I remember (from AW's forum, some time ago) some Soviet tanks having those turret cavities filled with some sand/concrete-like matter. Does it merely absorb shockwaves or slow down KE projectiles, or does it have some sort of abrasive effect on penetrators (whittling it down or simply deforming it) and such?

Density of diesel is about 1/10th that of steel, so if it's 7 times less effective on a thickness basis then you're still ahead

2 hours ago, Mighty_Zuk said:

The exception would be the T-14, which chooses to rely solely on an APS for its turret's protection. A bad call I believe. While the turret is no longer manned, it is definitely just as much exposed to hostile fire. 

It does have a much lower frontal area than any MBT with a manned turret, so hits to the turret will be less likely

Share this post


Link to post
Share on other sites

I don't think that's really an argument. Soviet tanks were designed with the principle of being smaller to minimize chances of being hit (though largely also because of bad infrastructure), and look where that got them - it cost the users a great deal of lives, cost them capabilities, and eventually they abandoned it. All that anyone ever had to do to counter this design feature was make a digital FCS (not those funky Chally stuff) that is reliable enough. Surely even a narrow turret isn't much of a problem nowadays. 

I know there's a whole debate surrounding this, about whether the T-14 (or any future MBT) is going to sacrifice mobility to get better protection, or sacrifice protection for better mobility (current state). Doctrine-heavy.

Russia could have gotten that sweet spot in between by at least making a turret that is ready to accept various configurations, including a modular armor on short notice, but it didn't. They went instead with having a wholly modular turret, which means they can still change it (and it's a very good future-proofing decision) but they will not be ready on short notice.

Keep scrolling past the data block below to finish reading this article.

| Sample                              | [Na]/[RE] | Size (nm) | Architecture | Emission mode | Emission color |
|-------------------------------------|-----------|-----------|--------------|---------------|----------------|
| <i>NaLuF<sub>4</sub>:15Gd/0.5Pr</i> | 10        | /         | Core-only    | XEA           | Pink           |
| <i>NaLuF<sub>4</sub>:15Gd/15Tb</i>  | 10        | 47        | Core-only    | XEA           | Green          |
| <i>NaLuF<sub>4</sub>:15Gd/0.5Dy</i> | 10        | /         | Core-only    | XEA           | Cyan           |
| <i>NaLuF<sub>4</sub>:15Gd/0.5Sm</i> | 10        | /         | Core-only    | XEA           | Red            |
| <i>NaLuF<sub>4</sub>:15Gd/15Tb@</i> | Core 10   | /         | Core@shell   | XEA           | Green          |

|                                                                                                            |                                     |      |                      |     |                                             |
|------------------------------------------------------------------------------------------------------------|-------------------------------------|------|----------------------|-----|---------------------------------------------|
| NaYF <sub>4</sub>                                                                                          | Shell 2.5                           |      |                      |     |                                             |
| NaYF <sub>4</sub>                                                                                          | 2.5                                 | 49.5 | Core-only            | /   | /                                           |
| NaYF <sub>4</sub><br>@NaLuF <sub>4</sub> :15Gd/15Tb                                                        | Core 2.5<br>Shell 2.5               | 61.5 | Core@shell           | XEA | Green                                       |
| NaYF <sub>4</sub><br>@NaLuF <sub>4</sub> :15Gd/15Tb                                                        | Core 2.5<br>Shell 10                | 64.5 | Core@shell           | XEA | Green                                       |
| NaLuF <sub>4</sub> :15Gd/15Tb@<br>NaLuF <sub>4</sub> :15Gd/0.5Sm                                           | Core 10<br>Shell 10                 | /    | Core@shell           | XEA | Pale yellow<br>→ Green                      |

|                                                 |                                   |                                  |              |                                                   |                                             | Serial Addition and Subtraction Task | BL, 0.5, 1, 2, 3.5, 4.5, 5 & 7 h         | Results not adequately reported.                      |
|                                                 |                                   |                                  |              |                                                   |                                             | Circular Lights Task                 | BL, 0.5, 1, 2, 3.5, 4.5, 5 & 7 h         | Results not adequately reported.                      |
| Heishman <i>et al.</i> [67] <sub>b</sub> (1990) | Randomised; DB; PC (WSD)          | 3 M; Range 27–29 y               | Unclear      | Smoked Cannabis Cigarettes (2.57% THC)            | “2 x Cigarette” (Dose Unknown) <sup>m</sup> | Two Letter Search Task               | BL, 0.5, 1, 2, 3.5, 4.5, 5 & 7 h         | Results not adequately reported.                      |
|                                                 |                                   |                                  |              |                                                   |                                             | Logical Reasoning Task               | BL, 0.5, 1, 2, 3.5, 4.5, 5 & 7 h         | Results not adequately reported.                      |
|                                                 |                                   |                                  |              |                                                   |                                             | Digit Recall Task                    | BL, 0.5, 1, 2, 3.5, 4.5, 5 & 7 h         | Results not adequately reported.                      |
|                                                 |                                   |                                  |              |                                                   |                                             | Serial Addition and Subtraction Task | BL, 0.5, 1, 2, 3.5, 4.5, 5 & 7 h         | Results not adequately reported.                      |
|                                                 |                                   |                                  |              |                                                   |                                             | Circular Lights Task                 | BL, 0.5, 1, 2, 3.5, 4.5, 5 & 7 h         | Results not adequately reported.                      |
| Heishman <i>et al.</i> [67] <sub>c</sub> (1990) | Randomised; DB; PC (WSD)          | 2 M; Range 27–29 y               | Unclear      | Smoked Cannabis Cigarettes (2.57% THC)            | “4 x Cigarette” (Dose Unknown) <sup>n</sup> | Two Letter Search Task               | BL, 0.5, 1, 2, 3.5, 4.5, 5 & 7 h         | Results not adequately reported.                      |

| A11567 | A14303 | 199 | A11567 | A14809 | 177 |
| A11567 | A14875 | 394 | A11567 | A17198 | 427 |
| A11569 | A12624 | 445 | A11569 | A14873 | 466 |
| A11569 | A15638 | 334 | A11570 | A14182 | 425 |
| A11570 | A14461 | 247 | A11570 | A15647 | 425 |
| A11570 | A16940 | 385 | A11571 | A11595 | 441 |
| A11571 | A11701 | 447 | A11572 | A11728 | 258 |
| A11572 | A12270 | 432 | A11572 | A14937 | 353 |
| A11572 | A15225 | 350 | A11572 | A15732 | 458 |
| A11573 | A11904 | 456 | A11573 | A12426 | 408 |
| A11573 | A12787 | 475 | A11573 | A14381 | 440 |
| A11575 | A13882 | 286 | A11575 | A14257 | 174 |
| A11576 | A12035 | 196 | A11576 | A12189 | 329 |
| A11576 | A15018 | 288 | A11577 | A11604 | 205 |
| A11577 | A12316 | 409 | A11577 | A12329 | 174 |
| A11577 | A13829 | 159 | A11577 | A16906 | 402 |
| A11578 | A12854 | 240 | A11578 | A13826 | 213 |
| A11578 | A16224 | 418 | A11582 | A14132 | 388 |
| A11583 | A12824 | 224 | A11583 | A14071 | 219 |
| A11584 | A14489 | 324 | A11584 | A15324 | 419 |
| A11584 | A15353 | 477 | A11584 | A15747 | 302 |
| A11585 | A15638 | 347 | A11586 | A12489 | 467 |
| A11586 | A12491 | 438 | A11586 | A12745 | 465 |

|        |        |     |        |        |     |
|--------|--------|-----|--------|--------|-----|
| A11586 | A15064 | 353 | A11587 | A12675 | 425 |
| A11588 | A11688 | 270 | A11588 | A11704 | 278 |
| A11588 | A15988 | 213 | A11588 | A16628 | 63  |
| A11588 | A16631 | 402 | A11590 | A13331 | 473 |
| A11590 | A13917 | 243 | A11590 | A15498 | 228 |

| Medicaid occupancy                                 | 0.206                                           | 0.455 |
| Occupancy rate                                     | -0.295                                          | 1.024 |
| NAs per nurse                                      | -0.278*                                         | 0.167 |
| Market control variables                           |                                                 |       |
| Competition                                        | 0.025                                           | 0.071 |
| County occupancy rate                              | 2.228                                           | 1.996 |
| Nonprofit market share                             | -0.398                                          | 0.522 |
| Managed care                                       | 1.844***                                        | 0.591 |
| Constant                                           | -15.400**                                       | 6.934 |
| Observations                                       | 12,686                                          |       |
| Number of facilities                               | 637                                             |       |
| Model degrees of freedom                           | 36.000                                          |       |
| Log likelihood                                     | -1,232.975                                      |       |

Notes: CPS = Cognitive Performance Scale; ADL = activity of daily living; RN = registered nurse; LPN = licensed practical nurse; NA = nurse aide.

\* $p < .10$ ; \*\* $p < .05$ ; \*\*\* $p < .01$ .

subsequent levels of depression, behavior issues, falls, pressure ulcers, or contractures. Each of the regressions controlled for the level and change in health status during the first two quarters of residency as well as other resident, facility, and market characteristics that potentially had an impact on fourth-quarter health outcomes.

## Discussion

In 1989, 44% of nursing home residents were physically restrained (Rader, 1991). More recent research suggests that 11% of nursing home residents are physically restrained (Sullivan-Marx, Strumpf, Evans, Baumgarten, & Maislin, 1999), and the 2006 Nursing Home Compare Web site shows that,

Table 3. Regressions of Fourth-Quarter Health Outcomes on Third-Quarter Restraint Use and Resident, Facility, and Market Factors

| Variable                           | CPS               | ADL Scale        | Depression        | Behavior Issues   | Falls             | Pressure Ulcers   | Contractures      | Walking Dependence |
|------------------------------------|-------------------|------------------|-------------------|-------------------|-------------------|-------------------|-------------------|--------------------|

Share this post


Link to post
Share on other sites

Digging back into the earlier posts, the tests seem to show that a single rubber NERA array plate expands to about 5X its original thickness when hit by a shaped charge.

 

My question here is what effect does stacking the plates closer together have on effectiveness? Presumaby sticking the plates too close together will limit their effectiveness, but at the same time you want to stack them quite closely to maximise the amount of material the penetrator has to go through.

 

Follow-up question: is there a penetration calculator for shaped charges comparable to the longrods calculator?

 

Yet another question: does anyone have TE values of unusual materials against APFSDS and/or shaped charges? I just ran some speculative numbers on reinforced concrete, and the results against long rods should actually be pretty good (0.6 TE) according to calculations. Which makes me think that the calculations are off somehow.

Share this post


Link to post
Share on other sites

Hi everyone. This is my first post! I'm the guy behind the Tankograd blog https://thesovietarmourblog.blogspot.com/ Mike E, which I think is a familiar name to some of you, used to help me out there.

I've done some research into NERA armour in order to better understand the armour of the T-72B, but I definitely don't pretend to know all about it. I've posted some stuff on NERA in my blog's T-72 article, but I'll repeat the most relevant bits here. According to Rolf Hilmes, adding a heavy armour plate in front of the NERA plate boosted the overall effectiveness against KE projectiles. No idea how true this is, but the guy that said it is a world expert on the topic, so hey. As far as I can tell, the heavy plate presumably contributes by fracturing or chipping part of the projectile before it enters the NERA plate, where it is further damaged, but to be honest, I don't know the exact mechanism.